9 Building better sheltered communities From the beginning of the earthquake recovery operation, shelter was identified as the most important requirement for the affected population. Providing shelter has been the most effective use of the substantial financial and human resources which were available to the Red Cross Red Crescent and other key humanitarian agencies. Red Cross Red Crescent has worked through formal mechanisms, such as UN clusters, and lessformal bilateral relationships, and in cooperation with the Government of Haiti and key humanitarian agencies, to ensure that shelter activities were conducted in a coordinated manner and aligned with the Government s 2010 Action Plan for National Recovery and Development of Haiti. As at the close of 2014, 30 per cent of total Red Cross funds received for the Haiti earthquake operation have been used to provide safe and improved shelter to more than 44,000 households within the designated Red Cross Red Crescent operating areas. The impact of the various shelter interventions during the Haiti earthquake operation has extended far beyond the immediate benefits and protection obtained from the shelter materials and educational activities. In 2011, the Red Cross Red Crescent shelter programme emerged as the operation s backbone for shifting the project s overall approach. It expanded the emphasis on participation of beneficiaries and designed interventions made up of several interdependent components. Community sensitization sessions regarding proper construction techniques are an integral part of the Red Cross integrated Neighbourhood Approach (INA) programme. Interested persons from the communities are exposed to theoretical as well as practical building techniques to ensure that they build safer, earthquake and hurricane resistant houses in the future. The operating context in Haiti was complex and new elements had to be integrated into existing protocols to support affected households in finding stable and productive living situations. The Red Cross Red Crescent needed to adapt a large international operation to be relevant at the household level; it was necessary to remain committed to ensuring that the programme was implemented with integrity, transparency and neutrality while allowing individuals to voice their priorities and have front-line roles in determining the shape of the project s final outcome. November 2012 Hurricane Sandy. The IFRC launches appeal to meet humanitarian needs. May 2013 Haiti 3 years + meeting in Haiti, gathering RC National Societies, the Secretariat and ICRC to revisit humanitarian needs and confirm identified priorities. September 2013 More than 80,000 households have been reached with increased availability of safe water through the rehabilitation and/or creation of water sources. 7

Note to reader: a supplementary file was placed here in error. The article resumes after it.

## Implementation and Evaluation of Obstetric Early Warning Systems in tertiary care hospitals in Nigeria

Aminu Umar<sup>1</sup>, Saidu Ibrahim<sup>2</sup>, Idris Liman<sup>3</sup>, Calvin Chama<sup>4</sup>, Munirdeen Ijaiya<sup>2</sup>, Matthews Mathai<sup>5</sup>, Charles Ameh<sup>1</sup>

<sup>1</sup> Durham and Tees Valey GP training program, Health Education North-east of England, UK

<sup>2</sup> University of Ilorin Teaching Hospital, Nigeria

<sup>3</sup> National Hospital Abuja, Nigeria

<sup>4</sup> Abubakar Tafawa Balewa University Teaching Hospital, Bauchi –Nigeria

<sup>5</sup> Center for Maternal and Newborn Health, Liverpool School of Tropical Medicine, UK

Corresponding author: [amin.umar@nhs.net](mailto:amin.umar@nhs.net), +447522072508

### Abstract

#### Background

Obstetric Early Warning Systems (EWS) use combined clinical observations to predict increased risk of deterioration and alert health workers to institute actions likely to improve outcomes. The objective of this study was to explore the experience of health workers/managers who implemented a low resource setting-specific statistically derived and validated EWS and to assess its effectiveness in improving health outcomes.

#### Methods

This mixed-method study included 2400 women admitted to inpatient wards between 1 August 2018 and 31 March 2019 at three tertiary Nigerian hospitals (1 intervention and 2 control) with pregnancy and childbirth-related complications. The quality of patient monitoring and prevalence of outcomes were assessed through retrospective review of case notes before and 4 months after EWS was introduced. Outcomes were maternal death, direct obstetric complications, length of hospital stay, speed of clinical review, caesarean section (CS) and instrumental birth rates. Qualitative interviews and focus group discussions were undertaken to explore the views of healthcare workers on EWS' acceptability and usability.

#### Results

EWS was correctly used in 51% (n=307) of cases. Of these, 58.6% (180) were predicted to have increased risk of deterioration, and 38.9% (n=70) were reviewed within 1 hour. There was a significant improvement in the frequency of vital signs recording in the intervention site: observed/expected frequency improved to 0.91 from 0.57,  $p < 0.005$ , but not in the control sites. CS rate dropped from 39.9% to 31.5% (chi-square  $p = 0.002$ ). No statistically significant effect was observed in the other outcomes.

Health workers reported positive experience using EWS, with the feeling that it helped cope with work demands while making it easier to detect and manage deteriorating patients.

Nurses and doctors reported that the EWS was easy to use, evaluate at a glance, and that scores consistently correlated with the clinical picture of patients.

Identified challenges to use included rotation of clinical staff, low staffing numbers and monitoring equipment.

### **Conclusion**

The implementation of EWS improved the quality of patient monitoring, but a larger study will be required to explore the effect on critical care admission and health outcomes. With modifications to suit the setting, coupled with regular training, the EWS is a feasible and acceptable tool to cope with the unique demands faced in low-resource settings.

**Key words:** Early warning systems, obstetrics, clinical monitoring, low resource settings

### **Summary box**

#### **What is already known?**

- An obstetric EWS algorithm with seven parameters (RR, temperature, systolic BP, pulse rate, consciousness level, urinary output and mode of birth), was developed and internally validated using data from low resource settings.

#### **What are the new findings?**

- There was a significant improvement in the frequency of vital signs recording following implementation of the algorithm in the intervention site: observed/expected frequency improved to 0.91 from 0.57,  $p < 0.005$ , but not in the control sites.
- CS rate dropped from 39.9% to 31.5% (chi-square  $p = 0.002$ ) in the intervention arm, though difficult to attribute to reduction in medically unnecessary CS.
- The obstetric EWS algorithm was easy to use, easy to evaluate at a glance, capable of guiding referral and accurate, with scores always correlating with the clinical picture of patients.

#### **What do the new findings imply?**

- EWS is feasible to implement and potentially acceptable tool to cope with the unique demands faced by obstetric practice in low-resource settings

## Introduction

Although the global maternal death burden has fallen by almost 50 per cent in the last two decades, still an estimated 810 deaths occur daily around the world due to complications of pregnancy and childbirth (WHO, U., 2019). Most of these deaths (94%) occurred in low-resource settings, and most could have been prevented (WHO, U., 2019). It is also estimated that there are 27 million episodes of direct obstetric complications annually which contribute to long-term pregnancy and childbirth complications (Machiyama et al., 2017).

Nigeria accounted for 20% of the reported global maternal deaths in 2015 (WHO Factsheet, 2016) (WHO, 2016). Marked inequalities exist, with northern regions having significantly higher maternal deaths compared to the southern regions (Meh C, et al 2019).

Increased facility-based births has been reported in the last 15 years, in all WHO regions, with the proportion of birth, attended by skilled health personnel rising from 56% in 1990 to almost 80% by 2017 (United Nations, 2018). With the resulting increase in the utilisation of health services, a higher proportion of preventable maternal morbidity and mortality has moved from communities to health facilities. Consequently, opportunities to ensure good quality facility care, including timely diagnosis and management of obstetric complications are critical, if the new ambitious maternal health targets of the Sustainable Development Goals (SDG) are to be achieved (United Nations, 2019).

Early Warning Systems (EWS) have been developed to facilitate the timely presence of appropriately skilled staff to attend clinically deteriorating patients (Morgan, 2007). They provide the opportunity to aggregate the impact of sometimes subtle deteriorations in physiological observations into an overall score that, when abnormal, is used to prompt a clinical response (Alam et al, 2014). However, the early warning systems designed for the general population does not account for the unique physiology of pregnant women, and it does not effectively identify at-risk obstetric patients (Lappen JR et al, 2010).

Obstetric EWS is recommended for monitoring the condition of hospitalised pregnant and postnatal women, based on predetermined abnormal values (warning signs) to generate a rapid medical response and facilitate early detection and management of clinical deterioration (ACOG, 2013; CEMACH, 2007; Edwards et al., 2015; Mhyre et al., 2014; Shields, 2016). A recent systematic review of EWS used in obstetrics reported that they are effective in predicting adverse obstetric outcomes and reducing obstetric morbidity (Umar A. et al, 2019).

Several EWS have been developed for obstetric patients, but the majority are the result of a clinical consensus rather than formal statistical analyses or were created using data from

10 The evolution of Red Cross Red Crescent activities over the past five years, and the reason that the efforts to provide shelter in particular defined the operation s outcomes, are best understood by revisiting the underlying facts of the situation. On the morning of 12 January 2010, the uneven dirt paths that linked the homes in Port-au-Prince s poorer neighbourhoods were crowded with children going to school and vendors selling daily provisions like biscuits and limes. By the time the sun set, the earthquake, which struck just before 17:00 that evening, had destroyed those homes or made them too dangerous to use. Fighting heat, thirst and hunger, the population was in a state of shock that was exacerbated by widespread fear of another earthquake and grief over human loss. For those who lost their homes, there were three options: leave Port-au-Prince, seek refuge with host families or set up makeshift shelters in one of the 1,354 spontaneous settlements which emerged in the spaces that became available during the weeks immediately following the earthquake. The capacity to maintain safe personal living spaces in the crowded settlements was limited as the settlements were not well lit at night and lacked appropriate water and sanitation facilities. The situation was further complicated by the fact that, for the majority of people displaced by the earthquake, there was no clear and established place to return to. Port-au-Prince is the textbook example of the 21 st -century trend of urbanisation and that trend s associated challenges. Every year, thousands of people with minimal resources, migrate to Haiti s capital city from poor rural areas seeking job opportunities. Upon arrival, they establish their homes in the city s unplanned neighbourhoods, living in one of the unregulated and poorly built structures which dominate Port-au-Prince s landscape. These conditions were not present in Port-au-Prince and developing a plan for shelter using a model developed for rural areas could not have worked. This was because land entitlements were tenuous and households needed to be established within dynamic communities with income-generating opportunities and with access to schools and other essential services. Also, the people who received the emergency shelter materials indicated that assistance with temporary or longer-term shelter was not sustainable if that support was provided in isolation. Beneficiaries who had December 2013 The IFRC launches appeal in support of a ten-year strategy to eliminate cholera from Haiti and the Dominican Republic. June 2014 More than 43,000 households have been provided with safe and improved shelter solutions. December 2014 The IFRC Secretariat earthquake appeal is closed and Haitian Red Cross assumes full management of base camp facilities, selected assets and services. 8